Alternatively, users can skip the sequencer entirely and submit their transactions directly to the
CanonicalTransactionChain via an Ethereum transaction.
This is typically more expensive because the fixed cost of submitting this transaction is paid entirely by the user and is not amortized over many different transactions.
However, this alternative submission method has the advantage of being resistant to censorship by the sequencer.
Even if the sequencer is actively censoring a user, the user can always continue to send transactions on Optimism.
For the moment, OP Labs PBC (opens new window) runs the only block producer on the Optimism network. Refer to Protocol specs section for more information about how we plan to decentralize the Sequencer role in the future.
For users to be able to execute withdrawals in a censorship-resistant manner, a rollup must allow participants to trustlessly publish transaction results to Ethereum. Currently, OP Labs PBC (opens new window) is the only entity able to publish transaction results while we work to decentralize the "result proposal" role. Although not unique to Optimism, it's worth understanding these security properties when using the system. Permissionless result publication should be introduced alongside the production release of our Cannon (opens new window) fault proving system.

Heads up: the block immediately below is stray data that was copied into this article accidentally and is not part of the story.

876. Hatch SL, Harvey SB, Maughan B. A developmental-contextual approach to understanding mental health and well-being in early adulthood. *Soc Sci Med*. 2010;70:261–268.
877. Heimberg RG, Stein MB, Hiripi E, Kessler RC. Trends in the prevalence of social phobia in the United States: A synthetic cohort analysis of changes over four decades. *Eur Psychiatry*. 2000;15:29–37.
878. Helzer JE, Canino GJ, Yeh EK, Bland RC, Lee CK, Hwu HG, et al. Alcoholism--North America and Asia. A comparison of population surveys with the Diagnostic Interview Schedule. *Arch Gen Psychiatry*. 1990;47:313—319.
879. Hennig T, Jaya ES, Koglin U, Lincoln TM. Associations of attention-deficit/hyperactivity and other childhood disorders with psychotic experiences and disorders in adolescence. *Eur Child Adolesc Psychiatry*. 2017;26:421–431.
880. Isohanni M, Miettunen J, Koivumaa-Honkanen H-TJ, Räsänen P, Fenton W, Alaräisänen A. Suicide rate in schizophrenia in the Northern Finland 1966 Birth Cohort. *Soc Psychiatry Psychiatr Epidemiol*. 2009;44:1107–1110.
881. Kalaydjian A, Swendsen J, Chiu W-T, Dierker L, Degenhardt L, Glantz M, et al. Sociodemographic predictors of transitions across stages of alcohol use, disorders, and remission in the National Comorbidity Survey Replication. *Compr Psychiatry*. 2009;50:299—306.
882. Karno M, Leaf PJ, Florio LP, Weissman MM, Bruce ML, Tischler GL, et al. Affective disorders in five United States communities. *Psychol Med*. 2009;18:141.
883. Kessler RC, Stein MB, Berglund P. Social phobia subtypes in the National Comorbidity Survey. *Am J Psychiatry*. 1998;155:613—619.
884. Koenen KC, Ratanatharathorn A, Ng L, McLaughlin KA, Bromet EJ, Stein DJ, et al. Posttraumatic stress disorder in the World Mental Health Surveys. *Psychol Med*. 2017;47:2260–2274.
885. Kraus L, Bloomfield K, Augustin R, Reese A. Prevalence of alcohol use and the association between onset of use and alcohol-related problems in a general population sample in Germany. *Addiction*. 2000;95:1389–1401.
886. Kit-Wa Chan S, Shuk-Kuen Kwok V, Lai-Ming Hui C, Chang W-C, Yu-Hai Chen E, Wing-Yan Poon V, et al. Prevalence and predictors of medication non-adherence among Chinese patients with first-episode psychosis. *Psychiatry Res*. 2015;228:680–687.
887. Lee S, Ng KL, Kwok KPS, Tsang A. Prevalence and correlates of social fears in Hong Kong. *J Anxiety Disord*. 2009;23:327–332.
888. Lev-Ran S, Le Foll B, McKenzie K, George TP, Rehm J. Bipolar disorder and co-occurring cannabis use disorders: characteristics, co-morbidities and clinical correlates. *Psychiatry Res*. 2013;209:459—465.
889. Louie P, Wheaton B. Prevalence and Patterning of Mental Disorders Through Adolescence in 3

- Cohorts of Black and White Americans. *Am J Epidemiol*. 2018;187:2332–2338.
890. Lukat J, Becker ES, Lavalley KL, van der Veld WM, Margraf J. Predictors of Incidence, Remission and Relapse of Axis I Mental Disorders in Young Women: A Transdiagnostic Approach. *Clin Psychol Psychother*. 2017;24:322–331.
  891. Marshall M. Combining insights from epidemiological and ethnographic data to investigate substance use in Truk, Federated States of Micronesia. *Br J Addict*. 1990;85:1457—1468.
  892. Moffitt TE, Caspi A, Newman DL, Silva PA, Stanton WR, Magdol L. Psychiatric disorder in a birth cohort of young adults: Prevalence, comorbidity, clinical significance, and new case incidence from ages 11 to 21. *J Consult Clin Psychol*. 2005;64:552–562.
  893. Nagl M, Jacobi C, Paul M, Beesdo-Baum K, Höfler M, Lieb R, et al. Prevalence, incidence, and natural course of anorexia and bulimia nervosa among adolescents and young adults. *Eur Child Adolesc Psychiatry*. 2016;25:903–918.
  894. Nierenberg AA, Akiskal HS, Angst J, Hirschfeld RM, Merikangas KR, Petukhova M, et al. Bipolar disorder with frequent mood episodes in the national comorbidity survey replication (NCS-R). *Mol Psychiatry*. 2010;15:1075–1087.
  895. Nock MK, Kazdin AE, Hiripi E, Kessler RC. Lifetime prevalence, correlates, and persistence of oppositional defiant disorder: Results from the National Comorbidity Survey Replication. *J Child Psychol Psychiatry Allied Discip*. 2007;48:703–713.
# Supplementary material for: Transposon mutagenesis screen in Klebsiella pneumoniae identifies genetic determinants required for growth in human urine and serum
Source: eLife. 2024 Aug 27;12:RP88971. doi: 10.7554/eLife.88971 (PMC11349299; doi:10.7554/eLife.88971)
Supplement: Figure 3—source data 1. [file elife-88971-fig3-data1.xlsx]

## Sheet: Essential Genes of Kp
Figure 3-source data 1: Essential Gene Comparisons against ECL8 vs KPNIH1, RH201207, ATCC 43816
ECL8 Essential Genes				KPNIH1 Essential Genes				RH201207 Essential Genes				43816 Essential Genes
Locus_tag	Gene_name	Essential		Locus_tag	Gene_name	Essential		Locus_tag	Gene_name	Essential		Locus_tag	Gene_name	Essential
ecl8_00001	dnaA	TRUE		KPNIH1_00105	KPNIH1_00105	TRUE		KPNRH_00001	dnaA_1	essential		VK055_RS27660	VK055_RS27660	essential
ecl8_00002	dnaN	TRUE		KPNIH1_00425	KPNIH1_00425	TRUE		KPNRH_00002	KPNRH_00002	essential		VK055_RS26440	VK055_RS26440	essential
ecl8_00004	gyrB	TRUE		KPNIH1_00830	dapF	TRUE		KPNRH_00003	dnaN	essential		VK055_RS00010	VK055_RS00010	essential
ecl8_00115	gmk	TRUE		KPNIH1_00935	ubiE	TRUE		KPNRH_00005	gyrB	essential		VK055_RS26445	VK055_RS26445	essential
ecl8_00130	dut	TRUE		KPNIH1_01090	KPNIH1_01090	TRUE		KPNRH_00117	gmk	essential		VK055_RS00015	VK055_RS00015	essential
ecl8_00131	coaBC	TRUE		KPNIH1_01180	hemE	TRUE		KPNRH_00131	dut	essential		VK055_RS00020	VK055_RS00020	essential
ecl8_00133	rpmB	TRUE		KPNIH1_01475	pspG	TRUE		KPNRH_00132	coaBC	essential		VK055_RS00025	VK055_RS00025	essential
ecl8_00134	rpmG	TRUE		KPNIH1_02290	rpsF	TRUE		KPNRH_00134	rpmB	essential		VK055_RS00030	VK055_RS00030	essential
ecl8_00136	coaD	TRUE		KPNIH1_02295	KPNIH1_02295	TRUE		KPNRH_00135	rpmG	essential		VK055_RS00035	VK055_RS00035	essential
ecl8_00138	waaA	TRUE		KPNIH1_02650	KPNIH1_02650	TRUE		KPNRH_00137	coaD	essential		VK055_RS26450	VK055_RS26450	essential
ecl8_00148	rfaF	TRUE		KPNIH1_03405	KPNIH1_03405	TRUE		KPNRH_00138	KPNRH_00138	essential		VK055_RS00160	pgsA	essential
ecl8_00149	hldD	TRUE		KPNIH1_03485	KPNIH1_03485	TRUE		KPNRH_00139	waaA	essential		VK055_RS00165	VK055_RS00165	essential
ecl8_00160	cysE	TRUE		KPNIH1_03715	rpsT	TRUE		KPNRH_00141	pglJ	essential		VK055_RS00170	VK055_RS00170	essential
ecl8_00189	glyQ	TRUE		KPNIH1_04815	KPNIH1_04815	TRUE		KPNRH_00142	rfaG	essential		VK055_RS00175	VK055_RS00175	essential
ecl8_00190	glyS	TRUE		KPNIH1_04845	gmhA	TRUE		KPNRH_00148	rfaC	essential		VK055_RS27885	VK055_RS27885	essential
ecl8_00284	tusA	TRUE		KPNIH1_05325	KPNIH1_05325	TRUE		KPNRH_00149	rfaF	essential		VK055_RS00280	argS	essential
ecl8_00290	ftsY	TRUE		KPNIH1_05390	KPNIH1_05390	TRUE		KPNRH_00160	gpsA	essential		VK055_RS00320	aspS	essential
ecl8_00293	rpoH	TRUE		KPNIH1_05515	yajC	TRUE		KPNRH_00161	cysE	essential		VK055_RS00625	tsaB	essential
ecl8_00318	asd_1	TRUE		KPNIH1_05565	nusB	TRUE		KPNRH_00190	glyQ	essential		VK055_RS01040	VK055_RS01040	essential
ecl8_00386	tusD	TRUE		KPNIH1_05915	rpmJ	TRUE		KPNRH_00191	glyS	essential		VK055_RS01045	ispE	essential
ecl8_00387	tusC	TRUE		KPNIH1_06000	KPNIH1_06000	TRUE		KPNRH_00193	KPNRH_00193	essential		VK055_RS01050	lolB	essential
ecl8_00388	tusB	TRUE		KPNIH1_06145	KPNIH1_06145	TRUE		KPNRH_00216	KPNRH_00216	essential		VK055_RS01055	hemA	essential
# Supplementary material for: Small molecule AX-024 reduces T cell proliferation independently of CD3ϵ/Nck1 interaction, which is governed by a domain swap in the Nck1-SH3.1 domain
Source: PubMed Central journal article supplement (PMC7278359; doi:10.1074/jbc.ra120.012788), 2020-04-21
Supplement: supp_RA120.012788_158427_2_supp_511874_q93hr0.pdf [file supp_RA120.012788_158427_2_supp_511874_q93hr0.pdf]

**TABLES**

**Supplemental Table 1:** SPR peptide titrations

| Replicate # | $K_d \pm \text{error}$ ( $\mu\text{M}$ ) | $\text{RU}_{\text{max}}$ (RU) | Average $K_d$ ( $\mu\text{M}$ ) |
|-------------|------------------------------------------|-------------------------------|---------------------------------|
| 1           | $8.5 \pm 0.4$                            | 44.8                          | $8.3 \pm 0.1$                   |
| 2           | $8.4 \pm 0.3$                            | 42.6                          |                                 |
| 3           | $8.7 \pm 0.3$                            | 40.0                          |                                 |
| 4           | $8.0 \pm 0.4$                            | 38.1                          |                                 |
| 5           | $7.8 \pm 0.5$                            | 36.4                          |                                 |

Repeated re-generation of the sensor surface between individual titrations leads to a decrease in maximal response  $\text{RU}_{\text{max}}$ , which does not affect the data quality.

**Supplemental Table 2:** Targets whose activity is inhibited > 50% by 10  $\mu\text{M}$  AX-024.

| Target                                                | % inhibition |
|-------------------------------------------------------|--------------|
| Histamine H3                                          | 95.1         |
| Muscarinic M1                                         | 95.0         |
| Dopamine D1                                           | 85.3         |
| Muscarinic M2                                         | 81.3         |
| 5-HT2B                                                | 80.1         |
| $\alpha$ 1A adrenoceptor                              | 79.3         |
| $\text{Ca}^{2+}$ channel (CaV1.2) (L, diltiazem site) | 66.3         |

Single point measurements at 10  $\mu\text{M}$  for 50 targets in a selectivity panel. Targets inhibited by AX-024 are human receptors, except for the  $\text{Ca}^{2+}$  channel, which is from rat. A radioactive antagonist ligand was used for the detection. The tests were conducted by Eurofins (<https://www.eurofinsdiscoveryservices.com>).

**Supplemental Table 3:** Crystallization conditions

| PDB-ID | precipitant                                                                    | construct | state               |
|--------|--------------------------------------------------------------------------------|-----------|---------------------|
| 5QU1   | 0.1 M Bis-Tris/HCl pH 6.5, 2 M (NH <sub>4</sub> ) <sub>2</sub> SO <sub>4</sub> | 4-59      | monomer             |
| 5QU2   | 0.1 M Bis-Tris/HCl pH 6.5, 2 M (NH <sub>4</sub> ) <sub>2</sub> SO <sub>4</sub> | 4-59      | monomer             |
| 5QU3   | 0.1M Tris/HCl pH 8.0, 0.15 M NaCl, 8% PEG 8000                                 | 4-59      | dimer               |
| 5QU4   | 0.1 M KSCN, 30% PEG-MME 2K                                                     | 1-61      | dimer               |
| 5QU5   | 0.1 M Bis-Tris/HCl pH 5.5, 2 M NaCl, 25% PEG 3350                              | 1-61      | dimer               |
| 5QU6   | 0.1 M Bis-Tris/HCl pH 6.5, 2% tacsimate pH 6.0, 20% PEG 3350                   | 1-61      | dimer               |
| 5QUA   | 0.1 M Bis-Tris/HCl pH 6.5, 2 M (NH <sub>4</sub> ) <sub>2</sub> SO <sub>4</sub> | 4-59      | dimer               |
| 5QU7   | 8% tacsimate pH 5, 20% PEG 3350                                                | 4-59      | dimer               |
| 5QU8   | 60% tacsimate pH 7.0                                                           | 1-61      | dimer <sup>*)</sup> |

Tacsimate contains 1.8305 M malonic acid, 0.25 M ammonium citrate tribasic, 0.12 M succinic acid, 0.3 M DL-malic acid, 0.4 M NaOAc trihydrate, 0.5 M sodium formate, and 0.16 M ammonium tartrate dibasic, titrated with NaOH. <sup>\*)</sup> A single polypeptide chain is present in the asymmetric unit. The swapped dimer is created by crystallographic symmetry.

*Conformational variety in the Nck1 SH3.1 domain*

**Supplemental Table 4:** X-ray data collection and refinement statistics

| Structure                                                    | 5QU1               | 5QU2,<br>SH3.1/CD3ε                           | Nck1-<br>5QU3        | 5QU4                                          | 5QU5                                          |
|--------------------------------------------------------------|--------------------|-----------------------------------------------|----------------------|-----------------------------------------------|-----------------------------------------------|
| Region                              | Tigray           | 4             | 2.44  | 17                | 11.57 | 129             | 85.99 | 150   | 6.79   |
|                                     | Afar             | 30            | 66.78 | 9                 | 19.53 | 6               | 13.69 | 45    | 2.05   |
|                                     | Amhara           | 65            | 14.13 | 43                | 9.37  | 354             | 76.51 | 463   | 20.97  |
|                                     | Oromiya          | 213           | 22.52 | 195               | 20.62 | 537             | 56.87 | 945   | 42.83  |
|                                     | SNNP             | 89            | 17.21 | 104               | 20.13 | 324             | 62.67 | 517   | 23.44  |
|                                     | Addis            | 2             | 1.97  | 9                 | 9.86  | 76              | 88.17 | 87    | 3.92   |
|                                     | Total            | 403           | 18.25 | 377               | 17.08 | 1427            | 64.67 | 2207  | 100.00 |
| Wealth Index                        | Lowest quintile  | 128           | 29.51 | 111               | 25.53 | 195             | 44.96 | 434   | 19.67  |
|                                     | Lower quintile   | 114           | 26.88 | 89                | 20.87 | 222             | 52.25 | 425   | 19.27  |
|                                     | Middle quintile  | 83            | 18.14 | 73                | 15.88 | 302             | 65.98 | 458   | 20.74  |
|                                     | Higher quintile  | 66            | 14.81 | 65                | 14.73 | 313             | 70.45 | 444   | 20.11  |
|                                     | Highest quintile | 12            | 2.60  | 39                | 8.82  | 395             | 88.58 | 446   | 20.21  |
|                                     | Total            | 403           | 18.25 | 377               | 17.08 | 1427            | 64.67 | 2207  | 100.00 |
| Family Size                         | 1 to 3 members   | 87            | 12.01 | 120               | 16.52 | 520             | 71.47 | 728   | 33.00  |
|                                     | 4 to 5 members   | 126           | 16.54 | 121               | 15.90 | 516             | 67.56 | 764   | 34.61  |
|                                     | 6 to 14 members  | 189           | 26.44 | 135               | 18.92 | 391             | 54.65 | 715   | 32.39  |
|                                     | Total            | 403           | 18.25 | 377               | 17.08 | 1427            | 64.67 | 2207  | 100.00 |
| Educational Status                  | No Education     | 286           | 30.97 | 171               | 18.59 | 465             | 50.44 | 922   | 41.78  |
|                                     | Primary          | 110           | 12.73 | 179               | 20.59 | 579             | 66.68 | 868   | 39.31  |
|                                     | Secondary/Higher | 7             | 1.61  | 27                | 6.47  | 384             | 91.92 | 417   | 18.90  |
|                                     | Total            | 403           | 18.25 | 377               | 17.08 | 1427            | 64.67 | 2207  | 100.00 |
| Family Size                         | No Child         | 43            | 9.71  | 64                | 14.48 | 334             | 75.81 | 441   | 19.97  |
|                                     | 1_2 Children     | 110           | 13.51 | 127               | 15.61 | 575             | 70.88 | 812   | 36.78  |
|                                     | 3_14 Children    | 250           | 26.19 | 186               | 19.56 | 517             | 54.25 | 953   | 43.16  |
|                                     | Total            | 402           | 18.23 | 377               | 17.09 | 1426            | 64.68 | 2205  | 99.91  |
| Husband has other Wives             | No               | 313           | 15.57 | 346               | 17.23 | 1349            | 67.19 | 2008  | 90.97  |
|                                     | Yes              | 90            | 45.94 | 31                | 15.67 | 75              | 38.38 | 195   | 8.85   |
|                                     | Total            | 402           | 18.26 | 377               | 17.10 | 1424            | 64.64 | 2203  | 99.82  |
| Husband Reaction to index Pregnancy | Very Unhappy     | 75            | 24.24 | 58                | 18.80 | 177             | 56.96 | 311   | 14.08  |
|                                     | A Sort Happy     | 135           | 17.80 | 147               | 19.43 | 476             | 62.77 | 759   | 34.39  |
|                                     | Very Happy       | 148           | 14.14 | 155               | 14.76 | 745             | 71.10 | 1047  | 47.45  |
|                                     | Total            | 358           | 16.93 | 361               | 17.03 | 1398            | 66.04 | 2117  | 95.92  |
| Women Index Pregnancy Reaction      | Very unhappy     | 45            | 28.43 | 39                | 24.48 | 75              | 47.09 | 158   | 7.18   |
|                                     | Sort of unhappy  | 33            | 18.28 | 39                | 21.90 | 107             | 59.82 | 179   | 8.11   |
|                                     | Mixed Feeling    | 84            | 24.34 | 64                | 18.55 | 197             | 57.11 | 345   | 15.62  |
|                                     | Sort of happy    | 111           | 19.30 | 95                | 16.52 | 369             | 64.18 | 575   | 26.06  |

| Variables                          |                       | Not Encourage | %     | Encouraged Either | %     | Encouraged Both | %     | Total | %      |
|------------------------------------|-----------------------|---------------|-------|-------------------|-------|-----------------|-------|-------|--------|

# Block execution
Ethereum nodes download blocks from Ethereum's p2p network.
Optimism nodes instead download blocks directly from the append-only list of blocks held within the
See the above section regarding block storage for more information about how blocks are stored within this contract.
Optimism nodes are made up of two primary components, the Ethereum data indexer and the Optimism client software.
The Ethereum data indexer, also called the "data transport layer" (opens new window) (or DTL), reconstructs the Optimism blockchain from blocks published to the
The DTL searches for events emitted by the
CanonicalTransactionChain that signal that new Optimism blocks have been published.
It then inspects the transactions that emitted these events to reconstruct the published blocks in the standard Ethereum block format (opens new window).
The second part of the Optimism node, the Optimism client software, is an almost completely vanilla version of Geth (opens new window). This means Optimism is close to identical to Ethereum under the hood. In particular, Optimism shares the same Ethereum Virtual Machine (opens new window), the same account and state structure (opens new window), and the same gas metering mechanism and fee schedule (opens new window). We refer to this architecture as "EVM Equivalence" (opens new window) and it means that most Ethereum tools (even the most complex ones) "just work" with Optimism.